What the Royal Mail float means for employees
While members of the public will be able to buy at least £750 worth of shares when it floats (through intermediaries such as Interactive Investor, Hargreaves Lansdown and The Share Centre) it's a different story for Royal Mail employees.
Q: I'm a member of staff. Will I receive shares?
A: Yes. Shares will be given to 150,000 UK-based Royal Mail employees.
Q: Will I have to pay for them?
A: No, employees will receive free shares.
Q: How many will I get?
A: That depends on a variety of factors, but the government has said that, collectively, employees will receive 10% of the shares (the rest will go to institutional and private investors). If the estimated sale price of £3 billion is correct, this means the free shares could be worth up to £2,000 per head.
Q: Can I buy more shares if I want?
A: Yes. As well as the Employee Free Shares Offer, the government is also allowing staff to take part in an Employee Priority Offer, run as a separate scheme.
Q: How many extra shares can I buy?
A: There is no maximum limit, but employees wishing to buy additional shares must buy a minimum of £500 worth - £250 lower than the minimum amount set for members of the public.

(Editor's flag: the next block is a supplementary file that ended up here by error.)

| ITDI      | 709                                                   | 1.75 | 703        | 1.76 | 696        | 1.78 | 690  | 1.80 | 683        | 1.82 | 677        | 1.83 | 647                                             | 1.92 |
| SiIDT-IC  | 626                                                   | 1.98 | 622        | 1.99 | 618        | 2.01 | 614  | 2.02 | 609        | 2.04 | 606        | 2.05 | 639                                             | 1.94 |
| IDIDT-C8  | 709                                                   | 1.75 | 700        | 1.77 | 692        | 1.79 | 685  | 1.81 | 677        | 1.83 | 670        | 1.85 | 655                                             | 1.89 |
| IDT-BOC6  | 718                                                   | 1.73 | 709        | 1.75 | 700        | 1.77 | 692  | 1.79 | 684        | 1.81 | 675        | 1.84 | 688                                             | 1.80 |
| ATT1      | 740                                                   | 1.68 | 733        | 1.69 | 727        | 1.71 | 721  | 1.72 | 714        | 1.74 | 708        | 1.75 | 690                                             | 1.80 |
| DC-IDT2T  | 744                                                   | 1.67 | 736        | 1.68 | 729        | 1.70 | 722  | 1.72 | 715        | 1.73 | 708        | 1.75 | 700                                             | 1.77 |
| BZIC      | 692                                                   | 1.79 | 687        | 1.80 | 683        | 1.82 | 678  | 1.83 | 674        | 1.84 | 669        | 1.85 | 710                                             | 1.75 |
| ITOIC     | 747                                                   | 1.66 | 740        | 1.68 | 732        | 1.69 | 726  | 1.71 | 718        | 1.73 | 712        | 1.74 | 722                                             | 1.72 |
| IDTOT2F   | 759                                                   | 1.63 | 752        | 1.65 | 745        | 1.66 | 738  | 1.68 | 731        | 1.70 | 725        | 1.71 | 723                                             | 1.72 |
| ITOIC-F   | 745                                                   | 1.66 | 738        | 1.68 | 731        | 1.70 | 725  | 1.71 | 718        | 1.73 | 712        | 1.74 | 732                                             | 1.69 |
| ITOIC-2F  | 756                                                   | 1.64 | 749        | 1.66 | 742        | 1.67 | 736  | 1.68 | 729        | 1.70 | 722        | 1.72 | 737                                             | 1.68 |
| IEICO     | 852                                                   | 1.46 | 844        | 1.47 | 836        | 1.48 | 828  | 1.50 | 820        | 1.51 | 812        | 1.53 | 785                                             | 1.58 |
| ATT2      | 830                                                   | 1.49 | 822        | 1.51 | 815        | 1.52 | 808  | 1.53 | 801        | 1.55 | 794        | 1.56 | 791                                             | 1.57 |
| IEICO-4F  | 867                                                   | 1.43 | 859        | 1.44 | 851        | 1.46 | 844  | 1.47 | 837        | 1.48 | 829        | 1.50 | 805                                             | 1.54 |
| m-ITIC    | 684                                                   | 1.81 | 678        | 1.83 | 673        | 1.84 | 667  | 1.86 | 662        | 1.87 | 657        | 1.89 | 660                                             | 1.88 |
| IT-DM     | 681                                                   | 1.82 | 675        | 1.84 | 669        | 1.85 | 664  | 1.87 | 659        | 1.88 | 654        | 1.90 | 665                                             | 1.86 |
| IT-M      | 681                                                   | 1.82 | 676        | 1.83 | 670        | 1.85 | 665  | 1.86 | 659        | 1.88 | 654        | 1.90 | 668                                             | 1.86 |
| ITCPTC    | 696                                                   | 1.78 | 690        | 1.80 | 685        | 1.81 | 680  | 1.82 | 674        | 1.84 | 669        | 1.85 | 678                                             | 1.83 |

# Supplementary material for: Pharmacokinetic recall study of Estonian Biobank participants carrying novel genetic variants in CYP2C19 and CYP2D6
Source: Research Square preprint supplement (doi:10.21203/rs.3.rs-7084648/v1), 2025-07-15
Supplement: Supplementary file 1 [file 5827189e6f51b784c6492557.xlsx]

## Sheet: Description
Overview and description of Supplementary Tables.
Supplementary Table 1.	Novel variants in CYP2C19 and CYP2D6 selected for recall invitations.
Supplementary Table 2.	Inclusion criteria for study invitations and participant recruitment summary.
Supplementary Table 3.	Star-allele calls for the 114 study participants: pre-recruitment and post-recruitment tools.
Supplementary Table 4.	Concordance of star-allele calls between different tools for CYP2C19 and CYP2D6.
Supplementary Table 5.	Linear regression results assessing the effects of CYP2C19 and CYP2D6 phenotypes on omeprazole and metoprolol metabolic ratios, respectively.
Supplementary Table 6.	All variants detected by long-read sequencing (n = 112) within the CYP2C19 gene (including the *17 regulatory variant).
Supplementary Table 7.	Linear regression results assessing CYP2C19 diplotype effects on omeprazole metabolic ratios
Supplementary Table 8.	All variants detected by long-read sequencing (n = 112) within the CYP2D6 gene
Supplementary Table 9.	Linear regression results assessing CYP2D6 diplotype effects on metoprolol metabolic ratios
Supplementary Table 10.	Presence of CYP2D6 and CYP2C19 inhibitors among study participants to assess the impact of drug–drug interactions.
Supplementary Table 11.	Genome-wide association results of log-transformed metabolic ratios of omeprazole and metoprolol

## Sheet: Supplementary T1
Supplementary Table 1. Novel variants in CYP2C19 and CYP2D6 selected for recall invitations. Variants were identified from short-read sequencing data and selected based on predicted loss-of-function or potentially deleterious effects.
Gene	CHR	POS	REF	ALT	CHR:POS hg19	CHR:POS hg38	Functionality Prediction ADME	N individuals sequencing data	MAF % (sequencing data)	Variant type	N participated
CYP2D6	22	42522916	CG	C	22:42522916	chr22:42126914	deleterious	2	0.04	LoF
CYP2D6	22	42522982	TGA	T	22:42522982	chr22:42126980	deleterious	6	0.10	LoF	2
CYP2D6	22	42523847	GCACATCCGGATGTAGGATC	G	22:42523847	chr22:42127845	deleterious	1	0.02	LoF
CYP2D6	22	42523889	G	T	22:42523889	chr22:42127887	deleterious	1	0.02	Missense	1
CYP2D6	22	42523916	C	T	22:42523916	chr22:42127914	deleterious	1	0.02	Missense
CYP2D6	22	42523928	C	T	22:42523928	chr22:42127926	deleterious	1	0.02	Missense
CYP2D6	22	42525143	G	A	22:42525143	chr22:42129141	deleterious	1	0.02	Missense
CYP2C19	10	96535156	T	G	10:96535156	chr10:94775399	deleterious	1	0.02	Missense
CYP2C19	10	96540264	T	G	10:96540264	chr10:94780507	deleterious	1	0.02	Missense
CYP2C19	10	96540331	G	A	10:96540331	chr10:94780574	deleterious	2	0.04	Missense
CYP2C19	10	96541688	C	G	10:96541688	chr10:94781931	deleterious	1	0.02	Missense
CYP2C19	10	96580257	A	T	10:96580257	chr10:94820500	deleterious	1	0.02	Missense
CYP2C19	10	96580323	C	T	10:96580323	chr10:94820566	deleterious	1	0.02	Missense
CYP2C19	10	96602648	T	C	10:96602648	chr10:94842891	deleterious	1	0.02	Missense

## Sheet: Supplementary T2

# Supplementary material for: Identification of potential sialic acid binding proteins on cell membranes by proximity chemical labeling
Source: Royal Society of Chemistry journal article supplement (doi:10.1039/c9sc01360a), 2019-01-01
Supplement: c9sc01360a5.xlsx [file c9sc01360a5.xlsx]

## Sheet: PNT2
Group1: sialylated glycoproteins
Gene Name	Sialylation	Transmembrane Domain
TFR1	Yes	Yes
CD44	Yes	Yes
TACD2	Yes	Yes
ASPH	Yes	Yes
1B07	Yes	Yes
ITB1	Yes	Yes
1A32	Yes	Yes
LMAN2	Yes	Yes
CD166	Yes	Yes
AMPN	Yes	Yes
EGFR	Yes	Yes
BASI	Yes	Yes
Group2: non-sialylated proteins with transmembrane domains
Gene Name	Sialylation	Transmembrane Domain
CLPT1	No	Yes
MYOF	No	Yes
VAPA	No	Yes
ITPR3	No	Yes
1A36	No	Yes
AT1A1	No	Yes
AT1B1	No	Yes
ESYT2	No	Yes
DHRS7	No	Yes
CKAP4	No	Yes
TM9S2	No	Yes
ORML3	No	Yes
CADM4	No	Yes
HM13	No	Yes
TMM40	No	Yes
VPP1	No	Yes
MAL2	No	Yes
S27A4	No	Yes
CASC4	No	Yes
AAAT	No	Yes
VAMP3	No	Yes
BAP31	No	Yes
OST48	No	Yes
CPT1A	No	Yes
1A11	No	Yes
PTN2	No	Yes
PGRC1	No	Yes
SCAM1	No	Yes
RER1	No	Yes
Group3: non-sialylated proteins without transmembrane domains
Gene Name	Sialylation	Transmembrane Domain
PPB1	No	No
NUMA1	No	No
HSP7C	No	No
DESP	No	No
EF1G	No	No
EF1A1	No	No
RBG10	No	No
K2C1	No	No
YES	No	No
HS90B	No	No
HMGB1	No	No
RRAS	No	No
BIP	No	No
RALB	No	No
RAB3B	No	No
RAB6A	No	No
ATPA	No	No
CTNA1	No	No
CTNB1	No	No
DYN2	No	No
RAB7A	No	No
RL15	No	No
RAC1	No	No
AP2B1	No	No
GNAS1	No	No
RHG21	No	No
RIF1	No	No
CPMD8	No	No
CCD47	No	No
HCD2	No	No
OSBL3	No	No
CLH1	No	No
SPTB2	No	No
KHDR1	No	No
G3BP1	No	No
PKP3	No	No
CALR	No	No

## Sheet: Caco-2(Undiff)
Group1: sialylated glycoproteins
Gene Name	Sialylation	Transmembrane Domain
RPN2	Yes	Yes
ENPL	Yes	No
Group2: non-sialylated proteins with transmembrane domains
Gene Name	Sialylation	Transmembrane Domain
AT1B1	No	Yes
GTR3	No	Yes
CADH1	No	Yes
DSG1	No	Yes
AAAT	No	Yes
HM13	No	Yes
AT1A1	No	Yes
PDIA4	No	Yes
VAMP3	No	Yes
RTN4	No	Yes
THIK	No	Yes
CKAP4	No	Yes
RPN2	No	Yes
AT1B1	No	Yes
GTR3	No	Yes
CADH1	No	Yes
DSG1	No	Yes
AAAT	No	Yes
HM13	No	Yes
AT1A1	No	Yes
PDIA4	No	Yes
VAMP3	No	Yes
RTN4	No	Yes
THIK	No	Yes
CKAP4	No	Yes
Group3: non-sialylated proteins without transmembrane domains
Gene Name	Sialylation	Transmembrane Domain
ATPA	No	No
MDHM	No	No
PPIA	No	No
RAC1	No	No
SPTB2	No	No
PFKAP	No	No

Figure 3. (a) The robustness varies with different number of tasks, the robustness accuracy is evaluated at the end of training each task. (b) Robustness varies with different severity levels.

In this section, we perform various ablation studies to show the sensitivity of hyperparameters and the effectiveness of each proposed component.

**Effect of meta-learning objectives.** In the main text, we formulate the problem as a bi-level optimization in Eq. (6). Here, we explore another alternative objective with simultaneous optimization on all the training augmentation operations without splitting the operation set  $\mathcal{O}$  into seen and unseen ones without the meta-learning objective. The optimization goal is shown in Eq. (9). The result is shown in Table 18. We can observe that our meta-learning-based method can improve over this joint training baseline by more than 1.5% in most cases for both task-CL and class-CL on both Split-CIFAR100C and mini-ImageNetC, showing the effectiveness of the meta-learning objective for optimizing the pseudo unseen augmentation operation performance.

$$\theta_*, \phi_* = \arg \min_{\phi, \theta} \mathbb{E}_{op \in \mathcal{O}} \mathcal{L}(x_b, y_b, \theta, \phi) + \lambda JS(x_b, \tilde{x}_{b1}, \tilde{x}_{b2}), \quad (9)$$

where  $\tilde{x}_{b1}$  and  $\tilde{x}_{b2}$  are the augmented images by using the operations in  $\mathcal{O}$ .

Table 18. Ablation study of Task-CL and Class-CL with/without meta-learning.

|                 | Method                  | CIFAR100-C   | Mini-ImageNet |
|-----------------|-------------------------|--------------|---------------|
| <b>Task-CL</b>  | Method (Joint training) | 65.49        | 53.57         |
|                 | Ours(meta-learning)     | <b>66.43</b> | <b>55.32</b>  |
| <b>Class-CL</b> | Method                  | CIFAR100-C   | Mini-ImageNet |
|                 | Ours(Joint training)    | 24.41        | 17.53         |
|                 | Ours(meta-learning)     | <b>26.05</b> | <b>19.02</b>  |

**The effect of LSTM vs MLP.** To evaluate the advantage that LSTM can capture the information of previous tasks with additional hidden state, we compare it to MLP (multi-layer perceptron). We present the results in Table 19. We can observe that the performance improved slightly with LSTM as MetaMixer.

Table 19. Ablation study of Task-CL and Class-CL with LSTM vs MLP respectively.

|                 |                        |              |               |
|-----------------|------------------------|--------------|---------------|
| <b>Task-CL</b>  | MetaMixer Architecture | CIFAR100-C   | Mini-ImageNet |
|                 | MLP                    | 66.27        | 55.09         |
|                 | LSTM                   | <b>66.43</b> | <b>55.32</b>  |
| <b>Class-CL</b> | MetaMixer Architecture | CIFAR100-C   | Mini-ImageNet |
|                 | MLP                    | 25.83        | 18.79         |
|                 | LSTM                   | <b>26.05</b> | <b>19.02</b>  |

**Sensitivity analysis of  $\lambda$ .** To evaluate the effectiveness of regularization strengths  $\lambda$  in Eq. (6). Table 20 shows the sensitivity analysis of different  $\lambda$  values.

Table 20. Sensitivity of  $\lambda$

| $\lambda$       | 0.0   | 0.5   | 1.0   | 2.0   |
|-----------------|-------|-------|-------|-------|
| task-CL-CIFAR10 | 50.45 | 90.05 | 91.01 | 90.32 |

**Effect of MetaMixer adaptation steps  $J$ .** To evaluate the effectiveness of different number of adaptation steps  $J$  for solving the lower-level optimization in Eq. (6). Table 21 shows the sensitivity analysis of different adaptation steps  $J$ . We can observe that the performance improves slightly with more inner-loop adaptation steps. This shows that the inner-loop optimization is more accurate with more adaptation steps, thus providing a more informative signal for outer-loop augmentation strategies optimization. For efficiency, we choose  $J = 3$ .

Q: Is this good news for me, then?
A: If the share price rises by the time you want to sell, you will cash-in on the free shares and make a profit from any additional shares you bought. If the price falls, you will lose money on the shares you bought (but not the free shares).
Q: So why are strikes planned?
A: The Communication Workers Union wishes to halt the sale of Royal Mail until safeguards are put in place to protect thousands of post offices. It is planning to ballot its members for strikes over pay, jobs and other issues linked to privatisation. It also wants an improved deal on pay and conditions for Royal Mail's workforce and has rejected an 8.6% basic pay rise over three years offered by management.
The National Federation of Sub-postmasters is also urging ministers to retain a chunk of Royal Mail to give it a say in future decisions about its operations that may impact Post Office closures and customer service.